*). As a consequence, the classical Yamabe problem is completely solved.*

^{n}Let us now turn our attention to the equivariant Yamabe problem. Since we know that every compact Riemannian manifold has a conformal metric of constant scalar

curvature, we will try to get some more precise geometric informations. As a matter of fact, we will ask to have a conformal metric with constant scalar curvature and prescribed isometry group. This new problem was ﬁrst brought to our attention by B´erard-Bergery (UCLA, 1990). The precise statement of the problem is the following.

“Given (X, g) a compact Riemannian manifold of dimension*n≥*3 and *G* a compact
subgroup of the conformal group *C(X, g) of* *g, prove that there exists a conformal*
*G-invariant metric tog*which is of constant scalar curvature”. We solved the problem
in [HV2], namely

**Theorem 1** (Hebey-Vaugon [HV2]). — *Let* (X, g) *be a compact Riemannian man-*
*ifold and* *G* *a compact subgroup of* *C(X, g). Then, there always exists a conformal*
*G-invariant metric* *g*^{}*to* *g* *which is of constant scalar curvature. In addition,* *g*^{}*can*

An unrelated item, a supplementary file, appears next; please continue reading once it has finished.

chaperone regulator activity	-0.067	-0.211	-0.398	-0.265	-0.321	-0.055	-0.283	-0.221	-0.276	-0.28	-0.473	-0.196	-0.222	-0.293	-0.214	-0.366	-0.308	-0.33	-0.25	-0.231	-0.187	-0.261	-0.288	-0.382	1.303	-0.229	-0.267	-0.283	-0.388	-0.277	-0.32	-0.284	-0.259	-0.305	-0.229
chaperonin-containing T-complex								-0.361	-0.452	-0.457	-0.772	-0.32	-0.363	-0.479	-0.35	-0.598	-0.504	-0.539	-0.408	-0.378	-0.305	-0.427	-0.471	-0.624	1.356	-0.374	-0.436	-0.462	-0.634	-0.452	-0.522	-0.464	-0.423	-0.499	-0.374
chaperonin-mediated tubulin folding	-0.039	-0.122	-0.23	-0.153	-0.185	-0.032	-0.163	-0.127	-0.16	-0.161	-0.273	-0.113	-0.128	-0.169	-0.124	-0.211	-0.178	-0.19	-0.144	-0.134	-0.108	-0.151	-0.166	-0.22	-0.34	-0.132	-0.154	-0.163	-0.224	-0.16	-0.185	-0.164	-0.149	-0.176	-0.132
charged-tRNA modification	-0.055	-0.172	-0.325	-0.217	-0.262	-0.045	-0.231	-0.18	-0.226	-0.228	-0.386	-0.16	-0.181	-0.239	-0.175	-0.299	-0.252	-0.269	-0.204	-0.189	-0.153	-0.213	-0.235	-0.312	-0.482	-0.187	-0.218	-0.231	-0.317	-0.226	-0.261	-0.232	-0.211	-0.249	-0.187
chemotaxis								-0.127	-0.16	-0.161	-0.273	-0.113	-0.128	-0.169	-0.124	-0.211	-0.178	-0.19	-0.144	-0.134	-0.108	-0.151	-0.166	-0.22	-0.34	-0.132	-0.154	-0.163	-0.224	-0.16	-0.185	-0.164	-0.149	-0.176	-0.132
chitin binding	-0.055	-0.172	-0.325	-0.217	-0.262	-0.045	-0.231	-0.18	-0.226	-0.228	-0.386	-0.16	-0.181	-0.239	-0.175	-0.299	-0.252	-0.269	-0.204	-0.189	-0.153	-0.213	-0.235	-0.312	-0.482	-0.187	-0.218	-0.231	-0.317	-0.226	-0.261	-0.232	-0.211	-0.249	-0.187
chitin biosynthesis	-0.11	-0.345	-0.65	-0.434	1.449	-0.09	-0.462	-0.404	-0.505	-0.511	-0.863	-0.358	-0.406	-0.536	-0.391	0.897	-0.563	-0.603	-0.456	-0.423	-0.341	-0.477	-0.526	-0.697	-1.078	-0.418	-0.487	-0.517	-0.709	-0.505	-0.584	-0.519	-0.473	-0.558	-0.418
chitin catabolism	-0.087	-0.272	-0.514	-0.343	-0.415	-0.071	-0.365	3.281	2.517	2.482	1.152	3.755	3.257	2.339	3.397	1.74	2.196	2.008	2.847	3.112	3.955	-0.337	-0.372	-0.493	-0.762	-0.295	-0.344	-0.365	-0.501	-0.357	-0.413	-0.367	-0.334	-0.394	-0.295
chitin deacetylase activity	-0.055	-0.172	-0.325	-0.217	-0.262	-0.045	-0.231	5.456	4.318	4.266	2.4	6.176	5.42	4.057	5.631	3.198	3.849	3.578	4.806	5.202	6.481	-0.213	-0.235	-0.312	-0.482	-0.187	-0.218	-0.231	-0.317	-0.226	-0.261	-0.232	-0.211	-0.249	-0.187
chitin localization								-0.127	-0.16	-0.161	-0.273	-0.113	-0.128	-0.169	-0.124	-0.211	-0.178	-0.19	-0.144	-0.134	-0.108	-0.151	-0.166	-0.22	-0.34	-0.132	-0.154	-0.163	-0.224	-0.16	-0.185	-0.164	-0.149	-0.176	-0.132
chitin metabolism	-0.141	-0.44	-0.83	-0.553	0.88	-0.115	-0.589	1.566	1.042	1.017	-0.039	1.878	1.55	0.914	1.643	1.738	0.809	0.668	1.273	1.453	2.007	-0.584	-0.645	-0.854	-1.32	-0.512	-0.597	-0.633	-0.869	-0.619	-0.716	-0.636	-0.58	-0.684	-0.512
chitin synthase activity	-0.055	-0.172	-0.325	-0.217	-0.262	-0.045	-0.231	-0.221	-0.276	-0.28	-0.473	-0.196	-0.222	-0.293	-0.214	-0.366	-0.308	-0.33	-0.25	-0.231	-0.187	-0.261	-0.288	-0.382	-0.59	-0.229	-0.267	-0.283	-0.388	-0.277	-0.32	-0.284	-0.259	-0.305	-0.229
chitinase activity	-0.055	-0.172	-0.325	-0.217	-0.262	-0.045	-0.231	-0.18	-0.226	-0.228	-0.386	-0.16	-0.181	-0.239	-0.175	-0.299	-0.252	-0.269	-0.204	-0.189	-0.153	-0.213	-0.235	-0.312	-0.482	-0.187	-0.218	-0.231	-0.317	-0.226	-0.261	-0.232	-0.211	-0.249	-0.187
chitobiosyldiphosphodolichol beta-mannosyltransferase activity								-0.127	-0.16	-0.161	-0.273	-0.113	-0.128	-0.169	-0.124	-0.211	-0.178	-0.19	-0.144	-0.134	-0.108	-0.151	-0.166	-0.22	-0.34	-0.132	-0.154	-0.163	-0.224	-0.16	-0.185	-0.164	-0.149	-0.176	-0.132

*be chosen such that it realizes the inﬁmum of* Vol(*g)*^{(n}^{−}^{2)/n}

*X*Scal(*g)dv(g)* *over the*
*G-invariant metrics conformal tog.*

In fact, we just have to prove the second point of the theorem, which can be
restated as follows. Given (X, g) a compact Riemannian manifold and *G* a compact
subgroup of *I*(X, g), there exists *u* *∈C** ^{∞}*(X),

*u >*0 and

*G-invariant, which realizes*InfJ(u) where the inﬁmum is taken over the

*G-invariant functions of*

*W*

^{1,2}(X)/

*{*0

*}*. Let us denote by Inf

_{G}*J*(u) this inﬁmum. A generalization of Aubin’s result is needed here. Let [g] be the conformal class of

*g*and

*O*

*G*(x) be the

*G-orbit of*

*x*

*∈*

*X. This*generalization can be stated as follows.

**Theorem 2**(Hebey-Vaugon [HV2]). —*If*Inf*G**J*(u)*< µ(S** ^{n}*) (Inf

*x*

*∈*

*X*

*O*

*G*(x))

^{2/n}(

*∗*),

*then the inﬁmum*Inf

*G*

*J(u)is achieved and*[g]

*carries aG-invariant metric of constant*

*scalar curvature. In addition, the non strict inequality always holds.*

(O* _{G}*(x)

*∈*N

^{∗}*∪ {∞}*denotes the cardinal number of

*O*

*(x)). As a consequence, the proof of Theorem 1 is straightforward if all the orbits of*

_{G}*G*are inﬁnite. If not, the proof proceeds by choosing appropriate test functions.

This improvement of the classical Yamabe problem allows us to cover a conjecture
of Lichnerowicz. This conjecture can be stated as follows: “I*o*(X, g) = *C**o*(X, g) as
soon as Scal(g) is constant and (X,[g])= (S^{n}*,*[st.])” (where*I** _{o}*(X, g) and

*C*

*(X, g) are the connected components of the identity in the isometry group*

_{o}*I(X, g) of*

*g*and in the conformal group

*C(X, g) ofg). This statement is true when Scal(g) is nonpositive*

(since the metric of constant scalar curvature is unique), but can be false when Scal(g)
is positive. One sees this by considering *S*^{1}(T) *×* *S*^{n}^{−}^{1} as *I** _{o}*(S